Fiscal year ending December 31.

Source data: S&P Capital IQ

 


 

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ITEM 6.  RESERVED

ITEM 7.  MANAGEMENT’S DISCUSSION AND ANALYSIS OF FINANCIAL CONDITION AND RESULTS OF OPERATIONS

You should read the following discussion together with our consolidated financial statements and related notes included in Item 8. “Financial Statements and Supplementary Data.” This section of the Form 10-K generally discusses 2021 and 2020 items and year-to-year comparisons of 2021 to 2020. Discussions of 2019 items and year-to-year comparisons of 2020 and 2019 that are not included in this Form 10-K can be found in “Management’s Discussion and Analysis of Financial Condition and Results of Operations” in Part II, Item 7 on our Annual Report on Form 10-K for the year ended December 31, 2020. The discussion contains forward-looking statements involving risks, uncertainties and assumptions that could cause our results to differ materially from expectations. See “Cautionary Note Regarding Forward-Looking Statements.” Factors that might cause such differences include those described in Item 1A. “Risk Factors” and elsewhere in this report.

Overview

As of December 31, 2021, we operated 2,918 Chipotle restaurants throughout the United States, 44 international Chipotle restaurants, and four non-Chipotle restaurants. We manage our U.S. operations based on eight regions and have aggregated our operations to one reportable segment.

Throughout “Management’s Discussion and Analysis of Financial Condition and Results of Operations” we commonly discuss the following key operating metrics which we believe will drive our financial results and long-term growth model. We believe these metrics are useful to investors because management uses these metrics to assess the growth of our business and the effectiveness of our marketing and operational strategies:

Comparable restaurant sales

Restaurant operating costs as a percentage of total revenue

New restaurant openings

The COVID-19 pandemic has adversely affected, and may continue to adversely affect, our operations and financial results for the foreseeable future. We continue to follow guidance from health officials in determining the appropriate restrictions to put in place for each restaurant. Our restaurant operations have been and could continue to be disrupted by COVID-19 related employee absences or due to changes in the availability and cost of labor. We remain in regular contact with our major suppliers and to date we have not experienced significant disruptions in our supply chain; however, we have experienced inflationary pressures in freight and the costs of some of our ingredients and temporary shortages in equipment and other goods, which could increase and/or spread to more categories as the impacts of COVID-19 continue across the global supply chain. We anticipate the restaurant wage increases implemented in June 2021 and any future wage increases in the U.S. along with increased supply chain costs, primarily related to inflationary pressures that began in the latter half of 2021 will have an impact on restaurant operating costs in 2022. However, these should be offset to some extent by benefits from pricing actions, leverage from revenue growth and supply chain initiatives.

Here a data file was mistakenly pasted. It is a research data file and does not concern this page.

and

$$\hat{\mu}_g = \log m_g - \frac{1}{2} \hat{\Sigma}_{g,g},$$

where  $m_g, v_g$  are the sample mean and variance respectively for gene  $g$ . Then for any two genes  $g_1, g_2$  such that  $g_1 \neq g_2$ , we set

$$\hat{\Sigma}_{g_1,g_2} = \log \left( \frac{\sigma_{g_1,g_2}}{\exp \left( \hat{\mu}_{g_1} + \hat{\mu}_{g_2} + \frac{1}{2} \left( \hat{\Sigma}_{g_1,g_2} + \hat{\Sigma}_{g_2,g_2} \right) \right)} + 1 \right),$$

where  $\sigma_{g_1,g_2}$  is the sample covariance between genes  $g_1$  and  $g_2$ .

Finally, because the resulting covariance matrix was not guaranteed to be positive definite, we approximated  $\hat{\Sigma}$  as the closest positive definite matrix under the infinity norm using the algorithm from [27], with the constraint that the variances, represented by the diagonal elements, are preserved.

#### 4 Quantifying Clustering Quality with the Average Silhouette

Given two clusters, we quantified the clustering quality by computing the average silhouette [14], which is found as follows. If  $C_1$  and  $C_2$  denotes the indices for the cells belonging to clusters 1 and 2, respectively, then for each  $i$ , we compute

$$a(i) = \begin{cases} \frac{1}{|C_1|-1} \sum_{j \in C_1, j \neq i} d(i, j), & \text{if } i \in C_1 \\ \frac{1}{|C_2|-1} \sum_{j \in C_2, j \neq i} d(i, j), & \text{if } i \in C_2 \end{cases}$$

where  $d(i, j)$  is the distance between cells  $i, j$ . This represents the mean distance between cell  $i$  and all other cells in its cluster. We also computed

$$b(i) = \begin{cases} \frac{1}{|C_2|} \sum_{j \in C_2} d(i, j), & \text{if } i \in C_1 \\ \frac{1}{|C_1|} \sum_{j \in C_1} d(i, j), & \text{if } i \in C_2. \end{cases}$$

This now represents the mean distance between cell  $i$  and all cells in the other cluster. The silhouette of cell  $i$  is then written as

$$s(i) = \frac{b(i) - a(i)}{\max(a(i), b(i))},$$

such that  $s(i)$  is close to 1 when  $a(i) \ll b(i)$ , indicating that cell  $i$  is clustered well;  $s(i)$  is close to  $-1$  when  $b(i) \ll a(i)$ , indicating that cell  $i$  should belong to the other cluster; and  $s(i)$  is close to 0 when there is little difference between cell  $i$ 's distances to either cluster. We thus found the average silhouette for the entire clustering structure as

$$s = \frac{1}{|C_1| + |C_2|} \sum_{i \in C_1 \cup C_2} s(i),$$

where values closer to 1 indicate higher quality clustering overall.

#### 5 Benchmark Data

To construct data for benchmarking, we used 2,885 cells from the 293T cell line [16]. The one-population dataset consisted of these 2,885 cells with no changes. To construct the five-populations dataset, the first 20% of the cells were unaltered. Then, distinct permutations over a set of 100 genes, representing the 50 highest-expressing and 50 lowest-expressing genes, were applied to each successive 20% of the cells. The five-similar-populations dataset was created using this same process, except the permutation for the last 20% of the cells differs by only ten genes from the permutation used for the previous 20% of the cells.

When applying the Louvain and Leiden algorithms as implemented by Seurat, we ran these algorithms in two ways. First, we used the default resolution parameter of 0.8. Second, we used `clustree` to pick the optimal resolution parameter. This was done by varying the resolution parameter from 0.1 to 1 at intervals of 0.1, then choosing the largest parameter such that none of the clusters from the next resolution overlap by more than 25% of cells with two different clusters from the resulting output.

2021 Financial Highlights

Sales Trends. Average restaurant sales were $2.641 million for the year ended December 31, 2021, an increase from $2.223 million for the year ended December 31, 2020. We define average restaurant sales as the average trailing 12-month food and beverage sales for restaurants in operation for at least 12 full calendar months.

Total revenue was $7.5 billion for the year ended December 31, 2021, an increase of 26.1% from $6.0 billion for the year ended December 31, 2020. The increase was attributable to comparable restaurant sales and, to a lesser extent, new restaurant openings. Comparable restaurant sales increased 19.3% for the year ended December 31, 2021, primarily due to a 10.3% increase in transactions and an 8.5% benefit from menu price increases implemented in late 2020 and during 2021. Comparable restaurant sales represent the change in period-over-period sales or transactions for restaurants in operation for at least 13 full calendar months.

Digital sales, which includes delivery and customer pick-up, were $3.4 billion for the year ended December 31, 2021, and represented 45.6% of total revenue compared to 46.2% of total revenue for the year ended December 31, 2020. Higher volumes of in-store transactions in 2021 contributed to the decrease in digital sales as a percentage of total revenue. Order ahead sales were 50.9% and 49.9% of digital sales for the years ended December 31, 2021, and 2020, respectively.

During 2021, we completed several company initiatives which we believe contributed to sales growth. These initiatives included the launch of cauliflower rice in January 2021, digital launch of quesadillas in March 2021 and smoked brisket in September 2021. Additionally, in June 2021, we enhanced our loyalty program, Chipotle Rewards, by introducing new redemption options and personalized offers primarily targeted at new and at-risk customers.

 

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Restaurant Operating Costs. During the year ended December 31, 2021, our restaurant operating costs (food, beverage and packaging; labor; occupancy; and other operating costs) were 77.4% of total revenue, a decrease from 82.6% during the year ended December 31, 2020. The decrease was driven primarily by higher comparable restaurant sales, partially offset by wage inflation, higher commodity inflation primarily from freight and beef and, to a lesser extent, increased delivery fees.

Diluted Earnings Per Share. During the year ended December 31, 2021, our diluted earnings per share were $22.90, an 82.9% increase from $12.52 in 2020.